Plasma membrane dynamics and signaling
Given that the cell membranes are the first defenders against external (sometimes even internal) stress, in theory, perturbations that may disrupt any type of cell membrane function should activate a multifactorial defense mechanism. We are studying how plasma membrane (PM) damage/repair and lipid mobilization happen and further affect the immune system. We also explore how this signaling evolves during system development.
For PM repair, now we know ESCRT- III complex can repair the damaged PM by membrane remodeling, in many physiological settings. The broken PM fractions can be shed off. Therefore, cells can tolerate a limited level of PM damage and survive for a long time if ESCRT-III repairing capacity is not overwhelmed. As a result, ESCRT-mediated plasma membrane repair can bring cell back from the edge of death or preserve cell survival when pore-forming activity is sufficiently low (“sub-lethal”).
The sub-lethal PM damage itself can be recognized and generate signals that result in the elaboration of secreted mediators, such as chemokines and cytokines. S660 p-PKCs sense the pore-forming damage by detecting the local Ca2+ influx, functioning as receptors to the transient plasma membrane integrity loss, leading to the downstream innate immune response (referred as, plasma membrane integrity signaling, PMI). The gene expression signature upon sub-lethal plasma membrane damage (that includes these chemokines) depends on the antagonization/delay in cell lysis affected by ESCRT-III. The roles of this cellular response for peritonitis, solid tumors, cross-priming, and kidney transplantations are also implicated.
Moving forward, we will firstly hunt for more innate immune-sensing mechanisms for PM integrity loss. We proposed to test a promising ion channel candidate that is very likely to be one of the sensors for PM damage. We have also planned an elegant cell culture system to perform both siRNA and sgRNA screens to search for the PM damage sensors genome-wide. Next, we will use both animal models and human specimens to test the roles of the chemokines/cytokines secreted by these “survivors” in tumorigenesis, metastasis, and beyond. Third, we will try to eliminate the “survivors” directly by suppressing the ESCRT- III repair action.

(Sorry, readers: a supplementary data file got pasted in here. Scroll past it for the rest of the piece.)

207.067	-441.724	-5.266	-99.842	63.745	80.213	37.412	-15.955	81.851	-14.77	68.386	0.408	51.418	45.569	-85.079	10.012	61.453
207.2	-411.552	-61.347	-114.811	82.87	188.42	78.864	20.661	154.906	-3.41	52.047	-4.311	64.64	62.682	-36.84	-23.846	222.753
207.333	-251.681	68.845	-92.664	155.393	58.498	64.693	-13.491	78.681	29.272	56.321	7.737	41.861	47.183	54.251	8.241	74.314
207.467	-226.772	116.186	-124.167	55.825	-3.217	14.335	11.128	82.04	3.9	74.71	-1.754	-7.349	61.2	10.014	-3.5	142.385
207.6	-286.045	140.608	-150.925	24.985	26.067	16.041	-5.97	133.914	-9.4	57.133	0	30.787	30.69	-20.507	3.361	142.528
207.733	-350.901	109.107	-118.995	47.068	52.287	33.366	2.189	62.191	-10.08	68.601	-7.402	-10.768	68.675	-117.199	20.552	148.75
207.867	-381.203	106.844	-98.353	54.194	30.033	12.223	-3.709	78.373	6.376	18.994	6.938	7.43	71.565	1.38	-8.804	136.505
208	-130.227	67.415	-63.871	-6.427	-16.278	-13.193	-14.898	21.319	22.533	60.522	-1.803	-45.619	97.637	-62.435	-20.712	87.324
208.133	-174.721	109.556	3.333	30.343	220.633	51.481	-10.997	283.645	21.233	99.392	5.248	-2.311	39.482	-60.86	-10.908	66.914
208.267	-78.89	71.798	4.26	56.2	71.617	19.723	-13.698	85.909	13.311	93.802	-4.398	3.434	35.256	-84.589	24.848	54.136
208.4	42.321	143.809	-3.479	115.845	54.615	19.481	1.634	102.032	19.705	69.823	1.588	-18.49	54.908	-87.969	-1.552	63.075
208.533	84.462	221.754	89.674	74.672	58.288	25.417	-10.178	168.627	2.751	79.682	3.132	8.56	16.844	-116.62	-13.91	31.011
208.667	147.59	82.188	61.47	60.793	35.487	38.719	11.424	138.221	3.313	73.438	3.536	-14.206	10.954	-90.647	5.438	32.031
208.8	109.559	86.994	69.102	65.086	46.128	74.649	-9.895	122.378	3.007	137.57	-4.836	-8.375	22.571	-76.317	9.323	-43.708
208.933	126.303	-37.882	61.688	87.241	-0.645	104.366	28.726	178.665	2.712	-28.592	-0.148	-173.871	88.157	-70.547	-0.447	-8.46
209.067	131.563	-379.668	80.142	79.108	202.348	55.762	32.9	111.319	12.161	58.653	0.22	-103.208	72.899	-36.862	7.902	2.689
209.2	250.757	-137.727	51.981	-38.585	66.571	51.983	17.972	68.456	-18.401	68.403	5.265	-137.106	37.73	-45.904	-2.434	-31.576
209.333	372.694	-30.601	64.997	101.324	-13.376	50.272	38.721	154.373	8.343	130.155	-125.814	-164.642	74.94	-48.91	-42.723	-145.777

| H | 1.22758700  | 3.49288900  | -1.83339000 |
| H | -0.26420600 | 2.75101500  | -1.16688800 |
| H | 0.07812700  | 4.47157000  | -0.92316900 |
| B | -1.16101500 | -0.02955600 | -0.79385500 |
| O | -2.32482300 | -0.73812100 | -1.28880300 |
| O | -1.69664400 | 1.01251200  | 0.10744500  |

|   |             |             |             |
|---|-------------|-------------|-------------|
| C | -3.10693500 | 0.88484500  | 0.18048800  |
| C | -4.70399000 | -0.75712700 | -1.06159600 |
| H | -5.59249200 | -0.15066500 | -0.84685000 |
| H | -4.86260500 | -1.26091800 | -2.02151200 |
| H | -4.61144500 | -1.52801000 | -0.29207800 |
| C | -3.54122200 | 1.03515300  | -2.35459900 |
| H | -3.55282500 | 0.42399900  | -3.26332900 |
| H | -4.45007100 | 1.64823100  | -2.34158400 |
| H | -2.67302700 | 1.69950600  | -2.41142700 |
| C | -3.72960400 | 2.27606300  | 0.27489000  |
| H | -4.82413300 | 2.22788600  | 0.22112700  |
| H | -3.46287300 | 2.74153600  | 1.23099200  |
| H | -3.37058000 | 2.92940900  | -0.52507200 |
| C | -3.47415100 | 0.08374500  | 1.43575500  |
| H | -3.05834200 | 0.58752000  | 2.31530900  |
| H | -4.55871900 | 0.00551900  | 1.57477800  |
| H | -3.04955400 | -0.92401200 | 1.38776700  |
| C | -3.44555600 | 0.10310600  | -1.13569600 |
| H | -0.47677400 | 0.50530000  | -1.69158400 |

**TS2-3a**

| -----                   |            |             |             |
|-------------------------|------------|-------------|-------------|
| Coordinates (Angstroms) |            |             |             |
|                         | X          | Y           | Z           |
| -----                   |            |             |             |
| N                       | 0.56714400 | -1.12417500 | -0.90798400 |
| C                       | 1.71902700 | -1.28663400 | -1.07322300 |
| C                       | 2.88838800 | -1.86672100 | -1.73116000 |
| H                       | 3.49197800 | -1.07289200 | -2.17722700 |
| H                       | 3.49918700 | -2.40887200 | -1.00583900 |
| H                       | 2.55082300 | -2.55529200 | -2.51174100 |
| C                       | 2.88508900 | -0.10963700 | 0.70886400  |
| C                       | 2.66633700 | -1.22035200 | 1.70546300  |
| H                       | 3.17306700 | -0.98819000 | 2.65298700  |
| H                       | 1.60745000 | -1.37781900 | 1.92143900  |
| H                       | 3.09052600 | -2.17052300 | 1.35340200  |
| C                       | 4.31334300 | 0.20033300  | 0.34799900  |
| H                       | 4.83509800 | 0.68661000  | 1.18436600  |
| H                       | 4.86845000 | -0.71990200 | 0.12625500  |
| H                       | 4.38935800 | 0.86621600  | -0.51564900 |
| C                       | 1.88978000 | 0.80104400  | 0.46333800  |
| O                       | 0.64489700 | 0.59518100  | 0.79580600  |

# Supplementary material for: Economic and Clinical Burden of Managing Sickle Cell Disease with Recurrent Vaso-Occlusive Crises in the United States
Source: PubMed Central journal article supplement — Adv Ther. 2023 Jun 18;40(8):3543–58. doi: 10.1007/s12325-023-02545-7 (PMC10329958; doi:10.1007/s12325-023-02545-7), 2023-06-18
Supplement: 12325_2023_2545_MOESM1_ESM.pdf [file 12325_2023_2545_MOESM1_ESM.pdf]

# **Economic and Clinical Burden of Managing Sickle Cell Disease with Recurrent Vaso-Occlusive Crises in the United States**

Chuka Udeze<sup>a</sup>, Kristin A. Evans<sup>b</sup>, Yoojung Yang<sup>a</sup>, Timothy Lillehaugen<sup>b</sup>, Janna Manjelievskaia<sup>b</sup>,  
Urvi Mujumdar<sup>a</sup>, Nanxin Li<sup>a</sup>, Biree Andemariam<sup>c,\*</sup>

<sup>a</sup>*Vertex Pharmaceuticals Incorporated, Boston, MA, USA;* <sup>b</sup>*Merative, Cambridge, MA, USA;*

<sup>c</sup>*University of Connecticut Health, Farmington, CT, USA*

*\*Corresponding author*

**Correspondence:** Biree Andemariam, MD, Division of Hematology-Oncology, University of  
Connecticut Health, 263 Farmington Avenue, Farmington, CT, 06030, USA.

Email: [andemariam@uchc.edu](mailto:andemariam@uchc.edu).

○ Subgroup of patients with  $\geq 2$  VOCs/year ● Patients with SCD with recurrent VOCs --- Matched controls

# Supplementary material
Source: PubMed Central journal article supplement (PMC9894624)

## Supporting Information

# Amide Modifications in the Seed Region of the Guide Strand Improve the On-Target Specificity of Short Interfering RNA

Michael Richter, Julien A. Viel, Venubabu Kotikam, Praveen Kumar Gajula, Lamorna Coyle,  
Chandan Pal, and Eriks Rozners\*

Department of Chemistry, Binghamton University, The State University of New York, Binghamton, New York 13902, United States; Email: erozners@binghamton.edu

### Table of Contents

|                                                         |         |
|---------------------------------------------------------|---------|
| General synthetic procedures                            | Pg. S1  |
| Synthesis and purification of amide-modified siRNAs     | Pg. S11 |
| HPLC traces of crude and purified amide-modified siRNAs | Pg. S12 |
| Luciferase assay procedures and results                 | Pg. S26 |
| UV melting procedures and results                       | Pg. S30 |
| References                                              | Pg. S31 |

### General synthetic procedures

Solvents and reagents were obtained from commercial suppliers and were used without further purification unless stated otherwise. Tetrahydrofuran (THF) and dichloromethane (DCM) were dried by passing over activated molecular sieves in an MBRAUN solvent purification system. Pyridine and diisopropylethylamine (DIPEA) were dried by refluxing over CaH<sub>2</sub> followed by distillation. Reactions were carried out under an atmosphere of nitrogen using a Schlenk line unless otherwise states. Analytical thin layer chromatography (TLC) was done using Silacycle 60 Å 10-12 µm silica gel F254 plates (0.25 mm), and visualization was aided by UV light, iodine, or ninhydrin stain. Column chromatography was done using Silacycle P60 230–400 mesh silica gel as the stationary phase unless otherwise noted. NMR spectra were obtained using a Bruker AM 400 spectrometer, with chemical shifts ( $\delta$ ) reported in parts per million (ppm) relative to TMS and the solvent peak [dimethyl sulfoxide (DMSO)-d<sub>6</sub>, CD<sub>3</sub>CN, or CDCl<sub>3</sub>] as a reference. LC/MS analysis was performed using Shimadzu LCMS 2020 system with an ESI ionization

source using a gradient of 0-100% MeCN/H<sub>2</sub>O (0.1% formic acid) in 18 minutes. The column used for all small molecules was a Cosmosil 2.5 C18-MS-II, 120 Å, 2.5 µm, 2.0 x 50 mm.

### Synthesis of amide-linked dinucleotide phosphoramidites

Tumor cell death re-programmer
Tumor cell death probing
Macrophage responses to the innate immune activation pattern
With multiple pattern recognition receptors, macrophages can sense a variety of innate activation patterns. These patterns can come from bacteria, fungi, and virus, they can also come from tumors, especially dying tumors. We study how macrophages respond to various innate immune stimuli. We focus on two questions, how do the macrophage respond (molecular mechanism) and why do the macrophage respond so (pathological significance).
More to explore...